Threatened species of Trichechus manatus latirostris

Other Names:
Threatened species of Florida manatee
Because manatees live nearshore and must breath air they spend most of their time in shallow water near the surface. Consequently, they are particularly susceptible to being struck by boats, injured in locks and flood control structures, entrapped in fishing nets and lines, or through ingesting foreign objects such as fish hooks. Iillegal intentional killing, red tides and cold stress are also factors associated with mortality. Parasitism and disease also pose a low level but definite threat. Habitat modification including increased disturbance, human-induced declines in aquatic vegetation, particularly associated with weed control, and blocked access to areas of potential use are also regarded as long-term threats.
No precise estimates of population size exist but it is clear from historical records that the species is confined to only a small portion of its original range. Populations are believed to be roughly equally divided between Atlantic and Gulf coast populations. It's estimated that as few as 1,900 Florida manatees remain in Florida waters. Total populations during Winter, have been estimated at 1,200 in 1985. An aerial survey conducted in 1991 resulted in a count of 1,465 (Florida Department of Natural Resources,1992). Certain protected areas, such as Crystal River and Blue Spring, Florida saw an increase in 1992, whereas others in Dade and Broward counties have seen recent decreases due to toxicity associated with red tides. The maximum potential rate of population increase is estimated at about 2 to 7 percent, although such estimates based on natural populations do not eliminate the possiblity of a decline in population numbers. About ten percent die each year. If they continue to die at this rate, this Florida manatees could become extinct in the next few decades.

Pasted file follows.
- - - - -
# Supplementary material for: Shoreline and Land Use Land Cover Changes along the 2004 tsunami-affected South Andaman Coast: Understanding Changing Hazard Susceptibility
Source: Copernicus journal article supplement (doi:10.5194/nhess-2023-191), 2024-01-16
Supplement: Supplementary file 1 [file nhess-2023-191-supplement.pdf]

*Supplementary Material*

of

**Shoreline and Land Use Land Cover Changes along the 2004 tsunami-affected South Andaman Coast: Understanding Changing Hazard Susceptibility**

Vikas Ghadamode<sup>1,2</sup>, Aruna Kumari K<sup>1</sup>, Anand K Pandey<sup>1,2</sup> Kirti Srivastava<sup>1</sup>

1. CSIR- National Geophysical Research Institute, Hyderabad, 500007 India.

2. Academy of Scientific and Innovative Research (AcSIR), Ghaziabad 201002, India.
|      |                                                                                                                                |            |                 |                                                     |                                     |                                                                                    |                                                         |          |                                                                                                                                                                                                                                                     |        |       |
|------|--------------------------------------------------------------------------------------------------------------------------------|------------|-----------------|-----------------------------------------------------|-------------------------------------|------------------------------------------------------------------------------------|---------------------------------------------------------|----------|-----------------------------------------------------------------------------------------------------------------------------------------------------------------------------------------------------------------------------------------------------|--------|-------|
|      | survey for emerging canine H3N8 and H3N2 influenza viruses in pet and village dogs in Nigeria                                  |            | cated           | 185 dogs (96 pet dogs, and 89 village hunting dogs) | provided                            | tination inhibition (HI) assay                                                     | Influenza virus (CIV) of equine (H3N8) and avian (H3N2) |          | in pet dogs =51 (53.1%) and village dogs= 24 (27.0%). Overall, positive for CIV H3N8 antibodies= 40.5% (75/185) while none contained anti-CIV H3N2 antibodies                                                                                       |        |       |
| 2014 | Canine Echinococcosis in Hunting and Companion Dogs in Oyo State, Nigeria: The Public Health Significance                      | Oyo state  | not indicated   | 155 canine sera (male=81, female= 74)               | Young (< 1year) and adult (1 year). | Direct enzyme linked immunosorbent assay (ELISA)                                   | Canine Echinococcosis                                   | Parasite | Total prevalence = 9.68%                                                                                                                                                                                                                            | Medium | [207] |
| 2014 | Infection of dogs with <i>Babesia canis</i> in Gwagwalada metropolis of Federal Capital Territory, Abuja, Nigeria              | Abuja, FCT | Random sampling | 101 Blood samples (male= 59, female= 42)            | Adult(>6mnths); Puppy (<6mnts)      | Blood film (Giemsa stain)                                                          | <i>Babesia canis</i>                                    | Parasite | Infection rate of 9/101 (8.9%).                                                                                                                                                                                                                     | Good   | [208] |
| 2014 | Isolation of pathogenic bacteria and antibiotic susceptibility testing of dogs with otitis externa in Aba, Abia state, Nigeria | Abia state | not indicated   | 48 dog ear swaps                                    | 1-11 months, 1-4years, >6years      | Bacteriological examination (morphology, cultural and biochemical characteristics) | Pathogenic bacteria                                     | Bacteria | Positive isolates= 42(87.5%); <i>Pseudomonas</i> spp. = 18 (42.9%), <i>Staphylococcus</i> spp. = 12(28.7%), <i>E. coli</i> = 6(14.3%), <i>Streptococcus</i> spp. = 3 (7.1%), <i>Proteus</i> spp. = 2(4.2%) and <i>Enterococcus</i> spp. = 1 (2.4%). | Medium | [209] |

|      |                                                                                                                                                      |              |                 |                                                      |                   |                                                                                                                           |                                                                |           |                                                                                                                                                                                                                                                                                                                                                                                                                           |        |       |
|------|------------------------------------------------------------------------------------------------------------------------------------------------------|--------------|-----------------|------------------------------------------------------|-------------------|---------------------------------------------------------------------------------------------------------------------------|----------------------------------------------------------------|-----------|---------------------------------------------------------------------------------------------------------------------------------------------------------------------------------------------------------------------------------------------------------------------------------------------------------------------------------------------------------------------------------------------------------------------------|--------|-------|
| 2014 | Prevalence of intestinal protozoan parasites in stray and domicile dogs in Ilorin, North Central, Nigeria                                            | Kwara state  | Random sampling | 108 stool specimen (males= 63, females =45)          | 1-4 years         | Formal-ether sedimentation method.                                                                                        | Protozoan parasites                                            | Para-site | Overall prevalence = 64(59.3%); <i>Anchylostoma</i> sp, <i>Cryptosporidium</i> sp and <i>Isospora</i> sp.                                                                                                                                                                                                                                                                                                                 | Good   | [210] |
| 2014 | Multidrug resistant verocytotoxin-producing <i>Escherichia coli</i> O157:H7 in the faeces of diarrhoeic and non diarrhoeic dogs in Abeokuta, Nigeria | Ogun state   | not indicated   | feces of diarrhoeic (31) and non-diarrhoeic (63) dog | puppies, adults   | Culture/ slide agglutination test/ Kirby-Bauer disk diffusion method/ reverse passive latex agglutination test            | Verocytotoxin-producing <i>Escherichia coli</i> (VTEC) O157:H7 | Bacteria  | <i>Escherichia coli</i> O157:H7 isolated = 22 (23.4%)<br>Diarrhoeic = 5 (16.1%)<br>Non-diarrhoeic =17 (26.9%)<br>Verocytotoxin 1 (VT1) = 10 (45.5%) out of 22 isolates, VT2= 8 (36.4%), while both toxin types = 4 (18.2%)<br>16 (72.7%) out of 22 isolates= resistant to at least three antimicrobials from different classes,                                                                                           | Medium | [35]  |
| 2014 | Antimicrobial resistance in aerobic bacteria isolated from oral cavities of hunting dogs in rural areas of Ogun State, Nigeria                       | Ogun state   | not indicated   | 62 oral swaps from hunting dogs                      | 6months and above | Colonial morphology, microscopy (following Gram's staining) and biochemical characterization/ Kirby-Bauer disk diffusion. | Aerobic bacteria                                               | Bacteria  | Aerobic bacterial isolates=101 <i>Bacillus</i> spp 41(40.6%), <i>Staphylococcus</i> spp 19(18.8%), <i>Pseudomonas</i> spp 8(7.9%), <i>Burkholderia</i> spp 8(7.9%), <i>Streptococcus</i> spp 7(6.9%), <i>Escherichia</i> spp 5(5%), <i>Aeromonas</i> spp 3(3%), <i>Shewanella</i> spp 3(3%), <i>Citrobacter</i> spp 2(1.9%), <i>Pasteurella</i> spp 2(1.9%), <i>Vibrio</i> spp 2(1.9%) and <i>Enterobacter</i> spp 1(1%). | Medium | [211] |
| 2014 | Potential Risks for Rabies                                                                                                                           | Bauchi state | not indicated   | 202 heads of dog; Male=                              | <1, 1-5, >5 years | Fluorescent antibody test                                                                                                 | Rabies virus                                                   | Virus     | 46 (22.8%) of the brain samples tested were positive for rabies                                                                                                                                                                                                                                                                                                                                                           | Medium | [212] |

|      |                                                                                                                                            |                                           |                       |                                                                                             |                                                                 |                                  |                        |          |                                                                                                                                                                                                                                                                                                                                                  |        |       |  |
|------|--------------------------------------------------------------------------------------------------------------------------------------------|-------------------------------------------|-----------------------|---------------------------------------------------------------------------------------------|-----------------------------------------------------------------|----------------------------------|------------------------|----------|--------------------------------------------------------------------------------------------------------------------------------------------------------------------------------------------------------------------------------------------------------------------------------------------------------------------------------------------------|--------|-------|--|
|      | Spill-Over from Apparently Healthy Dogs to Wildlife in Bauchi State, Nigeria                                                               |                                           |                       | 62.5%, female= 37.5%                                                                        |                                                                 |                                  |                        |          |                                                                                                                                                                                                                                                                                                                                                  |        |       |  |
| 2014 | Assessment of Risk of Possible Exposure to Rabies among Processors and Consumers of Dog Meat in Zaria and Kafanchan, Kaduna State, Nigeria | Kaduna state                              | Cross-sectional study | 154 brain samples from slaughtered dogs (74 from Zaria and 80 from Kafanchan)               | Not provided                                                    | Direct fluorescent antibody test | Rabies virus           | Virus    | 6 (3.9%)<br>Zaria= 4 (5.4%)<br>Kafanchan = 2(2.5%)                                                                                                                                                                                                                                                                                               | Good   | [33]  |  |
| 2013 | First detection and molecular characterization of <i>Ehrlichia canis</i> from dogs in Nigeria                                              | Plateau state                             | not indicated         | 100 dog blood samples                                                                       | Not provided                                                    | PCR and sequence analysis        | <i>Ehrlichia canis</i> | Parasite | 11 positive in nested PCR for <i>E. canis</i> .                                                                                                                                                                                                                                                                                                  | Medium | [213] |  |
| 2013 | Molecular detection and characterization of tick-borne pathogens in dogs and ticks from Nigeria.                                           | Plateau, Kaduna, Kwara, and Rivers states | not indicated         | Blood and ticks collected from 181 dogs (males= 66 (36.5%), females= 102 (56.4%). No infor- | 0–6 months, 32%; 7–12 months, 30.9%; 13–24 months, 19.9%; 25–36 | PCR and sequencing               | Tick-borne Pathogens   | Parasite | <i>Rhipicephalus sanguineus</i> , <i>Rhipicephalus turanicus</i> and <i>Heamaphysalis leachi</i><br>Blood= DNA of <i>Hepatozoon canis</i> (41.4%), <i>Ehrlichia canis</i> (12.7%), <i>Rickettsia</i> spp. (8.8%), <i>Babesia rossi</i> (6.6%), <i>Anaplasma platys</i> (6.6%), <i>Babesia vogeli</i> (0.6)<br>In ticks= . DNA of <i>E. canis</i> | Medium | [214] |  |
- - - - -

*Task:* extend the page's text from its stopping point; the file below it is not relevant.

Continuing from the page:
In 1999 several reports of manatee harassment from Volusia and Brevard Counties in Florida, USA. In Volusia County, the majority of the reports centered on a County Park near New Smyrna Beach. In one instance, a concerned citizen reported approximately 20 people in boats and rafts who were feeding manatees and swimming with them. Harassment at this site is reported to be highest on holidays and weekends. In Brevard County, reports were received concerning manatee harassment at a public boat ramp on Turkey Creek in Palm Bay. At this site, the harassment is centered at the docks around the boat ramp and has been seen at all times of the day on both weekdays and weekends. Manatees are learning to approach people for food and are being lured into an area that is dangerous for them. Manatees fed at sites like this are more likely to associate boats with feeding and approach boats or boat facilities looking for food."

Web Page(s):
Save the Manatee Club
Related UN Sustainable Development Goals:
GOAL 15: Life on Land
Date of last update
26.12.2017 – 20:39 CET